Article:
Here Come The Super-Stadiums
Forget the bum economy. Hungering for the kind of revenue needed to field top teams, a wave of stadium construction is sweeping through sports. But not just any stadiums. Super-stadiums.
The formula: Build new facilities with fewer seats and more luxury boxes, charge higher prices, earn more revenue, hire better players and reap more wins. Then turn around and raise ticket prices. It’s a sports business model that originated in America and is now spreading across the globe. “It’s become a game of one-upsmanship,” says Chris Lee, senior principal at HOK Sport, which designed several new European stadiums. “Teams are finding it’s a circle you have to be a part of.”
The website stadiumguide.com lists 78 new soccer venues across Western Europe that either opened recently or planned for the near future, along with a handful of others in Eastern Europe and South America. Most are scaled down models of the old giant soccer stadiums emphasizing seating rather than standing room, the better to minimize the chances for hordes of standing, leaning fans to fall and cause a crush.
|In Pictures: 10 New Super-Stadiums|
Two standouts: the 365 million euro ($576 million) Landsdowne Road Stadium in Dublin, Ireland, expected to open in 2009. Home to the Irish National Soccer Team as well as rugby, it will hold 50,000 fans and have 110 luxury suites, 10,000 premium club seats, fine dining and lounge bars. In Lyon, France, the 60,000-seat Olympique Lyonnais will open a year later. With a green design featuring solar power and reusable water, construction cost 240 million euros ($379 million) and will have 130 luxury suites and 5,000 premium club seats.
In the U.S., the NFL’s Dallas Cowboys are awaiting the opening of their massive $1 billion new field. Football’s Minnesota Vikings and baseball’s Oakland A’s also hope to have new homes soon. The San Francisco 49ers have been pining for one, even talking with officials in nearby Santa Clara, Calif. Minnesota’s baseball team, the Twins, already have a new stadium set to open in 2010. “Teams that need the revenue will always continue to build new facilities,” says Hamp Howell, president of industry consultant Sports Facilities Marketing Group.
The trend’s worldwide capital: the New York City area, where four new stadiums will open in the next few years. First up are two baseball cathedrals: the Mets’ Citi Field and the Yankees’ “new” Yankee Stadium—both expected to open in 2009. They’ll hold a combined 125 luxury suites, with the most expensive going for $2,500 per person per game, with capacities upward of 30 fans each. Top field-level seats will also cost more, allowing the teams to keep the upper tiers of their respective stadiums more reasonably priced.
After that comes a $1.3 billion home in New Jersey for the NFL’s New York Giants and Jets. Opening in 2010, it promises a capacity of 82,500, including 200 luxury suites and 9,200 club seats. The new stadium’s signature will be a 400-foot-by-40-foot-high rectangular wall featuring murals of players to fans outside the stadium.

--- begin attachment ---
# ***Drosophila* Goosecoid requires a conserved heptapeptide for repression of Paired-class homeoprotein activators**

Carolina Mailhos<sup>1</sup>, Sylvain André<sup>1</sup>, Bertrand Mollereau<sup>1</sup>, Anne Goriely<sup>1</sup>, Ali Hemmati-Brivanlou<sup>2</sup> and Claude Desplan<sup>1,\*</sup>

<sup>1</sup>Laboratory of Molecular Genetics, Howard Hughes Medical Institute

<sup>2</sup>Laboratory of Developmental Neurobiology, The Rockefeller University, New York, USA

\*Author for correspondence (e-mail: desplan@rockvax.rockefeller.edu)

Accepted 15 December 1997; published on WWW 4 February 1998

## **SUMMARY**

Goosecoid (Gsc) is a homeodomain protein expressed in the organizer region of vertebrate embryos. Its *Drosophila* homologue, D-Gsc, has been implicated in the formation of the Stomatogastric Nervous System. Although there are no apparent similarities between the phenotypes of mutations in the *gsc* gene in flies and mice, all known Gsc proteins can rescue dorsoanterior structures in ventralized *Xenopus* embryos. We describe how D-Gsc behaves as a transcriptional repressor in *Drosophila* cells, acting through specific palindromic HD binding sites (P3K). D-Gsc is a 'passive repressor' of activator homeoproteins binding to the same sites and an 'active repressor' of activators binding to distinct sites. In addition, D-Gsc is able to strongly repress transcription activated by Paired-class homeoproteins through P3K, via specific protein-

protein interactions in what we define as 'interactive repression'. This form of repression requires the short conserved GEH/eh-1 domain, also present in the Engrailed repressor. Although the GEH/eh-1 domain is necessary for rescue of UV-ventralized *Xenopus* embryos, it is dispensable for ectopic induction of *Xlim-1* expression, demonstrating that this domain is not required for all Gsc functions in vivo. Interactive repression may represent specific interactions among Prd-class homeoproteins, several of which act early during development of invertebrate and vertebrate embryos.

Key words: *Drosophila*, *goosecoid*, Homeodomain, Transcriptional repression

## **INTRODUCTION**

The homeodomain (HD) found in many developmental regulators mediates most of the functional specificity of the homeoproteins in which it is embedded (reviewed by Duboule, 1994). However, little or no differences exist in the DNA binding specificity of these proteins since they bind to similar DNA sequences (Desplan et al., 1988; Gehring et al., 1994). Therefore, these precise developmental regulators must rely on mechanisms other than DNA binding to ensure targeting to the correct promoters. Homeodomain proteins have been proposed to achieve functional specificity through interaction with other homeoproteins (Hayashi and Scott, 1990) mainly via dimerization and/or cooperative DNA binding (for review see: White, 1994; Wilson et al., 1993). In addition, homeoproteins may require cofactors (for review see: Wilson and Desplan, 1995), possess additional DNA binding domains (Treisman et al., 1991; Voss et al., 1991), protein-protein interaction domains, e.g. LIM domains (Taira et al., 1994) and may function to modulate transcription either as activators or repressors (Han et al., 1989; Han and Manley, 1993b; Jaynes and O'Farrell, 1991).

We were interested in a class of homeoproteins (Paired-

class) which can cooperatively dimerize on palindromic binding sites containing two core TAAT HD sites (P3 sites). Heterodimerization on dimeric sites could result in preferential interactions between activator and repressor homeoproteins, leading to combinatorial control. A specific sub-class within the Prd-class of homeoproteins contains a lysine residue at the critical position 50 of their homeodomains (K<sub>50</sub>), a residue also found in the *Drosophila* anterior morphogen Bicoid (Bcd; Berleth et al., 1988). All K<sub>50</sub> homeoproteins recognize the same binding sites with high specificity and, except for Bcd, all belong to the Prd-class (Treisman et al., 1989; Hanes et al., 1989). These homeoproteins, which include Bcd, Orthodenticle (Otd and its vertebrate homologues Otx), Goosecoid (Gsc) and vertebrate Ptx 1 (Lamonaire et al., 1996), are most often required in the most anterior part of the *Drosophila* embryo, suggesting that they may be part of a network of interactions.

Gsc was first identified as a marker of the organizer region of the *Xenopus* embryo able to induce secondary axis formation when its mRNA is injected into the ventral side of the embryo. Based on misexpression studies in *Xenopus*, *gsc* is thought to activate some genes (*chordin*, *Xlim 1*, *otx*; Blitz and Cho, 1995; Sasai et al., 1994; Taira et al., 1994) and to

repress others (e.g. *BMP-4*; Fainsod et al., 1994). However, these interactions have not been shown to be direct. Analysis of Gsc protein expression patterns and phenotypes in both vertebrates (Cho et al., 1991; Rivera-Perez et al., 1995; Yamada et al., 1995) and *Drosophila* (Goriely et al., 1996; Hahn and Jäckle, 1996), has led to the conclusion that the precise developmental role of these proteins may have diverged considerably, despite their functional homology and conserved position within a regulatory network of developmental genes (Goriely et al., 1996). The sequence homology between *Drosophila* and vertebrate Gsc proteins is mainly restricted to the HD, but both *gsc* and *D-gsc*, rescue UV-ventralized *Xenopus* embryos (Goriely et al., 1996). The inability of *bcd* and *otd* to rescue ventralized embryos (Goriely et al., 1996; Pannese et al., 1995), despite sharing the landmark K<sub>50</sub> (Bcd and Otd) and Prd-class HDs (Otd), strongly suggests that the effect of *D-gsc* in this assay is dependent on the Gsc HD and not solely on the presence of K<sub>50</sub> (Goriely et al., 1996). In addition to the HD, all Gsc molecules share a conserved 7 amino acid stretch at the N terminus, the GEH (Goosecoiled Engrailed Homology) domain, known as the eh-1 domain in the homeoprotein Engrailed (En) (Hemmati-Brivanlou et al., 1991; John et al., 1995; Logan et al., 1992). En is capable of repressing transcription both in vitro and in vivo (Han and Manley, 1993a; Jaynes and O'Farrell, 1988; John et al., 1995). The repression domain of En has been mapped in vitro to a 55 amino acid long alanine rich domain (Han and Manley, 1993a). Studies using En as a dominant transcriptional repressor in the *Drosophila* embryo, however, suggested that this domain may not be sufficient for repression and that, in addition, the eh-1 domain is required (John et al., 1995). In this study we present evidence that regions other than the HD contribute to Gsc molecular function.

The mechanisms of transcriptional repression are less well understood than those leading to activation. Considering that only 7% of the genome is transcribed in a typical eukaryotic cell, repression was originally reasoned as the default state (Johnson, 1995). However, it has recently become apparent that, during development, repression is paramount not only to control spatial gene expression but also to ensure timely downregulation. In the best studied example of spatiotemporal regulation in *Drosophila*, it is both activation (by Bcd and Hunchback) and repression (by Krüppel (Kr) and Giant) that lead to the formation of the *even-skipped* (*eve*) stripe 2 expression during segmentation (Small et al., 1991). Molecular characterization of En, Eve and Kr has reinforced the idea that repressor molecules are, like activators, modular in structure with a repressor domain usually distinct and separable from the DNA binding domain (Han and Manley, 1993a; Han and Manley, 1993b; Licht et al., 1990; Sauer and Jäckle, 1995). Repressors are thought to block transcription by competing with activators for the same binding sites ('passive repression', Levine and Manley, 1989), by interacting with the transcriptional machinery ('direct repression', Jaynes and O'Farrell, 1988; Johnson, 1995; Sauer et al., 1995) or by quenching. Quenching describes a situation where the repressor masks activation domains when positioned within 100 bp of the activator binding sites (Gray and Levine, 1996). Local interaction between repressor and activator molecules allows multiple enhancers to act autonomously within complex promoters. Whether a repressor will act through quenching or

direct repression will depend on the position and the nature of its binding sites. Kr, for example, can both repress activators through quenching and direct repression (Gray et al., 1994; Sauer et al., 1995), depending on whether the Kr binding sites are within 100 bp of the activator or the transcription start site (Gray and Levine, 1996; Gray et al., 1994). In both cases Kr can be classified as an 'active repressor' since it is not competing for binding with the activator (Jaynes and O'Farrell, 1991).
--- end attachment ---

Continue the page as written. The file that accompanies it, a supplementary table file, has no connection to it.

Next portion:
Major League Soccer’s New York Red Bulls are also building a cozy new home with 20,000 seats in nearby Harrison, N.J. The fledgling league is hoping to strike a chord with casual soccer fans by rescuing some of its teams from monstrous football stadiums—mausoleums to a soccer club playing to less than half capacity much of the time—and into soccer-only venues that bring fans closer to the action.
“The first row of seats will be just 21 feet from the touch lines, “says Red Bulls spokesman Andy McGowan, who also notes that a translucent roof will cover every seat in the house. “It will be the benchmark stadium by which all other soccer stadiums in North America are measured.”
Elsewhere in America, sports facility consultants are drawing more business from mid-size cities looking to make sports arenas a centerpiece of downtown redevelopment. Tulsa, Okla., Wichita, Kan., Omaha, Neb., and Des Moines, Iowa, are all going in that direction, according to Howell. The idea is to draw people downtown to concerts and minor sports like arena football.
Kansas City built the new $276 million Sprint Center with the hope of luring the National Hockey League to town. The ownership group AEG, run by Philip Anschutz, has had flirtations with the Pittsburgh Penguins and Nashville Predators, to no avail so far. The Penguins just got approval for their own new arena to stay put. But Howell thinks the Predators’ status in Nashville is tenuous, despite a sale to a local group last year.
“The Predators are probably in play,” he says. Meantime, the Sprint Center plays host to concerts and college basketball tournaments, with no anchor tenant. The bulk of the arena’s cost was publicly financed.
No matter. If you build it, they will come. And if they don’t, the owners have the local taxpayers to split their losses with.
The top five: